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NBA Journeyman Earl Barron Plays Poker in Vegas as Free Agency Begins
Just hours away from NBA free agency, veteran ball player Earl Barron is taking his mind off basketball by competing in the World Series of Poker in Las Vegas.
Barron finished last season with the Phoenix Suns after playing in the NBA D-League and the Chinese Basketball Association and although he's unsure where he'll end up next year, he told PokerListings he wouldn't trade his experiences in 2014 for anything.
For the last few summers we've seen Barron at the WSOP and he's made it clear he's a passionate poker player.
He's already snagged three WSOP cashes this year and he told PokerListings that he's growing as a poker player mainly by learning to avoid tilt.
“If you lose a big hand, it's part of the game,” explained Barron.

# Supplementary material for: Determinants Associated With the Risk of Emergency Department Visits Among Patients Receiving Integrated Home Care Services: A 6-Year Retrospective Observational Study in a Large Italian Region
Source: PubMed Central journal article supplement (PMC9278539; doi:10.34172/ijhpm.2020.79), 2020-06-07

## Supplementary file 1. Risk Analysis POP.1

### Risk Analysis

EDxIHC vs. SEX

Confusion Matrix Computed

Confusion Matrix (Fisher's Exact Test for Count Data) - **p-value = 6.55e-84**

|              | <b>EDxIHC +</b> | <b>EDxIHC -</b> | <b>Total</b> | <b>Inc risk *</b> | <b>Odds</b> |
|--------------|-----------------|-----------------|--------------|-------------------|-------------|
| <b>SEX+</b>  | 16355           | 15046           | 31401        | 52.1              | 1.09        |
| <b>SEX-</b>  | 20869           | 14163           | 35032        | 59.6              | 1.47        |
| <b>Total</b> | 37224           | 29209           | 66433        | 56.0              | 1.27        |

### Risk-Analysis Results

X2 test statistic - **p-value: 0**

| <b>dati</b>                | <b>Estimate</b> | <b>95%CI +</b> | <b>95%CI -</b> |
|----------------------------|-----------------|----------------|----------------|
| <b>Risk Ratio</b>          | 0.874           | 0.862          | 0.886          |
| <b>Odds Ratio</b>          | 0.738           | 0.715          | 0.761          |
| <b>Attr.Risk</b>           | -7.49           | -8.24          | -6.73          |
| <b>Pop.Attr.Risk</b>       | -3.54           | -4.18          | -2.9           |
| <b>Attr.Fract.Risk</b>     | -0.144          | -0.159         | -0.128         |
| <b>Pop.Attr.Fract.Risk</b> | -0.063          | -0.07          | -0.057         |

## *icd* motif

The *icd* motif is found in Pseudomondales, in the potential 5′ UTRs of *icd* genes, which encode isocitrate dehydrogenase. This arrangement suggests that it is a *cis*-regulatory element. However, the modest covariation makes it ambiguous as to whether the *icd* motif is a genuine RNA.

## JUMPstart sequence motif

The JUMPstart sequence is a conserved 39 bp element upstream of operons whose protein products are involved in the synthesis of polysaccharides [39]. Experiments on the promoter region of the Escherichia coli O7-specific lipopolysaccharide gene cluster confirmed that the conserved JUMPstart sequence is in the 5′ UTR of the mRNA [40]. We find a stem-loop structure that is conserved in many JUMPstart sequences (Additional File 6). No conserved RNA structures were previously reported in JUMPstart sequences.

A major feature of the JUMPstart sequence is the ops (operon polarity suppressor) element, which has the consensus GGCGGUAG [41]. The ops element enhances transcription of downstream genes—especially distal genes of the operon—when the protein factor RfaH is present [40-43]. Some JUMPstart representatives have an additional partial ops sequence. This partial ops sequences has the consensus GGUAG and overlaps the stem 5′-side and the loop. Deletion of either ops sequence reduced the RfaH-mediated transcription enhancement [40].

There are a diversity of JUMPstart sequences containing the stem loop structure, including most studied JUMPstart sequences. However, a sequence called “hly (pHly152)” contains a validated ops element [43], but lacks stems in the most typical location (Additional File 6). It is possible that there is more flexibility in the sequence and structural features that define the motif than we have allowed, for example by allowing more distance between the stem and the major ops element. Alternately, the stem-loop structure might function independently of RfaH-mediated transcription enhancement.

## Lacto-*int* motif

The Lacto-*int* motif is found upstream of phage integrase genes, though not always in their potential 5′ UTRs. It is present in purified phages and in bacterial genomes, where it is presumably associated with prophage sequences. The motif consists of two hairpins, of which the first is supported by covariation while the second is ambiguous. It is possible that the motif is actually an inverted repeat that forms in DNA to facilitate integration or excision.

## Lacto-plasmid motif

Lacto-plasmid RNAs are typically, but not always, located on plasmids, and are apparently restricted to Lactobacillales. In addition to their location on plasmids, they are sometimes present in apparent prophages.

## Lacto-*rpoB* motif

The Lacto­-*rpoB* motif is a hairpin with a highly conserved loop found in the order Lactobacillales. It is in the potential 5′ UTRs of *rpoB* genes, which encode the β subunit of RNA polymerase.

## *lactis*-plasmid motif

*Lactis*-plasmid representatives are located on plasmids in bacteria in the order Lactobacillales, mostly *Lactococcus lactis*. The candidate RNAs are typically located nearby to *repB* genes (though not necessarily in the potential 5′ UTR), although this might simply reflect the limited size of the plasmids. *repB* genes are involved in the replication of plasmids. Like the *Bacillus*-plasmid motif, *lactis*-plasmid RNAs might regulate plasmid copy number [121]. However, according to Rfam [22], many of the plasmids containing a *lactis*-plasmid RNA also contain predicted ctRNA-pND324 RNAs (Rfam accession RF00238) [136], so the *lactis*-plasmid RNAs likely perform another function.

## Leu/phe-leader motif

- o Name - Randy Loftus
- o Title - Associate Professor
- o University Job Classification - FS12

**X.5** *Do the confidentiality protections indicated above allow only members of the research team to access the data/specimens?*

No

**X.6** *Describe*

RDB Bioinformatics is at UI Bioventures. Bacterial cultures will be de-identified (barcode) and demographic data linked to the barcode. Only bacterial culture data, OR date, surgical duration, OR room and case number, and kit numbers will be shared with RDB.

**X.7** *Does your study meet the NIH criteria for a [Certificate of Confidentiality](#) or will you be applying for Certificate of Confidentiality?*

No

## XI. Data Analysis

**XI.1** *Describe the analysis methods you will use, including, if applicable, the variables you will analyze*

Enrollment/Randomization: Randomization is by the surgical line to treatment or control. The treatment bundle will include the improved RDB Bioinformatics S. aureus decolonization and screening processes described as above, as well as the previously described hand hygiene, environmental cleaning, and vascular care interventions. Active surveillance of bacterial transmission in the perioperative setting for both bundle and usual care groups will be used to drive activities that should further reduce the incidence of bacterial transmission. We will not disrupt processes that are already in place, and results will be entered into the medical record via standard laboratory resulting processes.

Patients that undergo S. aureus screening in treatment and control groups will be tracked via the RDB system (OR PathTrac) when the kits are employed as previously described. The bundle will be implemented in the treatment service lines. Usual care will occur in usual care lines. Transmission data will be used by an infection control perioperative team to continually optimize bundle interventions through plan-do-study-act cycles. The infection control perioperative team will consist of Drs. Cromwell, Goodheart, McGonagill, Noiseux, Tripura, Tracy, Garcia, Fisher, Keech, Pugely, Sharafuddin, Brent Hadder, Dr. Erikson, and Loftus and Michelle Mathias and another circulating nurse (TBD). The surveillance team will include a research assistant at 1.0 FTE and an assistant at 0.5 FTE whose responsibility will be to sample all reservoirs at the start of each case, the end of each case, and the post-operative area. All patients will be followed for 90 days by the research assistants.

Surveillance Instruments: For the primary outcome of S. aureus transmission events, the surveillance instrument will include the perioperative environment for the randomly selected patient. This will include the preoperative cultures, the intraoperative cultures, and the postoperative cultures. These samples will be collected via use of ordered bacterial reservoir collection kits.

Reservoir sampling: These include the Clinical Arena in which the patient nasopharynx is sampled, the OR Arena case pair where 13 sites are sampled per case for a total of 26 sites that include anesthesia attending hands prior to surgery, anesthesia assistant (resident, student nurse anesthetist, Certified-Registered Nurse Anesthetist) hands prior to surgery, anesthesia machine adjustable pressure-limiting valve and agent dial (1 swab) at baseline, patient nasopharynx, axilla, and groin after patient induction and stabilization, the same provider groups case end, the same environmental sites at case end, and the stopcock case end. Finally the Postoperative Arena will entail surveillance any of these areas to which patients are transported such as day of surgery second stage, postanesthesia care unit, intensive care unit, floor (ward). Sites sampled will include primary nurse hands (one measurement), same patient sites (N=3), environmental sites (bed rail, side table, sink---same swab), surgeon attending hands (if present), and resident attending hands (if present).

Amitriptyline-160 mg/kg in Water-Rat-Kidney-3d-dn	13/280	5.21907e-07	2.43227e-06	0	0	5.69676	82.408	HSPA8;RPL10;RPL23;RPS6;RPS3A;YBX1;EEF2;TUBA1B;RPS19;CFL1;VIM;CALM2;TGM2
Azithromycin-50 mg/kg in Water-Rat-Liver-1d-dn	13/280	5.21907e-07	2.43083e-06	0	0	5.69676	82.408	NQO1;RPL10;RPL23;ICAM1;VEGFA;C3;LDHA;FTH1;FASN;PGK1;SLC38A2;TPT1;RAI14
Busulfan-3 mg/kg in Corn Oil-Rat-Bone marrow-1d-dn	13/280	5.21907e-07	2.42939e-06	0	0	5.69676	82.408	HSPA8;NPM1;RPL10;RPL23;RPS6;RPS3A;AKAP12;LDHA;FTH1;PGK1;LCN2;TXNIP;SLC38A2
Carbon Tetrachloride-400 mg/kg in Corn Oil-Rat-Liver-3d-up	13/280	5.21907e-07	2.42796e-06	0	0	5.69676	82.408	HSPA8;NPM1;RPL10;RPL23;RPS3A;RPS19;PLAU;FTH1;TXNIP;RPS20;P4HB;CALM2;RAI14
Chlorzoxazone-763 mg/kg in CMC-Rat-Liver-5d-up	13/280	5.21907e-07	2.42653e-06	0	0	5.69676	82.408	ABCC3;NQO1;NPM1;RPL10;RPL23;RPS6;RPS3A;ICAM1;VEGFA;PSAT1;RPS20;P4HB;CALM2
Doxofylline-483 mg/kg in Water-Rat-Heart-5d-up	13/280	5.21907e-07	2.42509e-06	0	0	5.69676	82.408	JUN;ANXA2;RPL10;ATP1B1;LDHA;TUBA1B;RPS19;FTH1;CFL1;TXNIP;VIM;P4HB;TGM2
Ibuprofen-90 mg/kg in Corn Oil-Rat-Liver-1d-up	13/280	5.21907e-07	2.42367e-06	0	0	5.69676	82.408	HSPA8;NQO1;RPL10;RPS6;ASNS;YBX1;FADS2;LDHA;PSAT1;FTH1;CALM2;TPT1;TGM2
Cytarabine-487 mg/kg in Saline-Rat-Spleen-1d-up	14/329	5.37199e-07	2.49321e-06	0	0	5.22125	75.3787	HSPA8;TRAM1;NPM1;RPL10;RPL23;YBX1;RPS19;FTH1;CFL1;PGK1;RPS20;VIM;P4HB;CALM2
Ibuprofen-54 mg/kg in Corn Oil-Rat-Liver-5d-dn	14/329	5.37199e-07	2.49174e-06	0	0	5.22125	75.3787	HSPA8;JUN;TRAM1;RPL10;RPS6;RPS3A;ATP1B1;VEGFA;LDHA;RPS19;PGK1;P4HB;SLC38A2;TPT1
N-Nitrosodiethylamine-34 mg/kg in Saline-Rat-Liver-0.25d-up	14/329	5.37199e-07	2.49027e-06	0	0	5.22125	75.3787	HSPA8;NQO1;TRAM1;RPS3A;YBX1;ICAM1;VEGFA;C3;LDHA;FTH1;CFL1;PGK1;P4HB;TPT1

“You have to take the good with the bad, so the people who can take the bad and not go on tilt are the ones who will go far.
“So I'm trying to learn to take a breath, walk away from the table, move on with the next hand.
“It's just like basketball. You're not going to make every shot and you might make a bad play or a dumb foul but you got to move on and keep it moving.”
Watch the video below or keep reading for Barron's thoughts on poker, basketball and why competing at the WSOP is so important to him.
PokerListings.com: We know you love poker and love coming out here to the WSOP to play. What's your schedule like this year?
Earl Barron: I'm always having fun. Every time I come out here I have a blast win or lose.
I came out here the first week and played a few events. Now I'm out here again playing some more events and hopefully I can satellite into the Main Event and play that because last year I had a ball.
PL: You finished last season with the Phoenix Suns. What was that experience like for you?
It was a great year. I started out the year in the D-League and I went to China and when I came back I played one more game with the Bakersfield Jam and then got called up to the Suns for the rest of the season.
It was a great year and I learned a lot and met a lot of people. I wouldn't trade it for the world.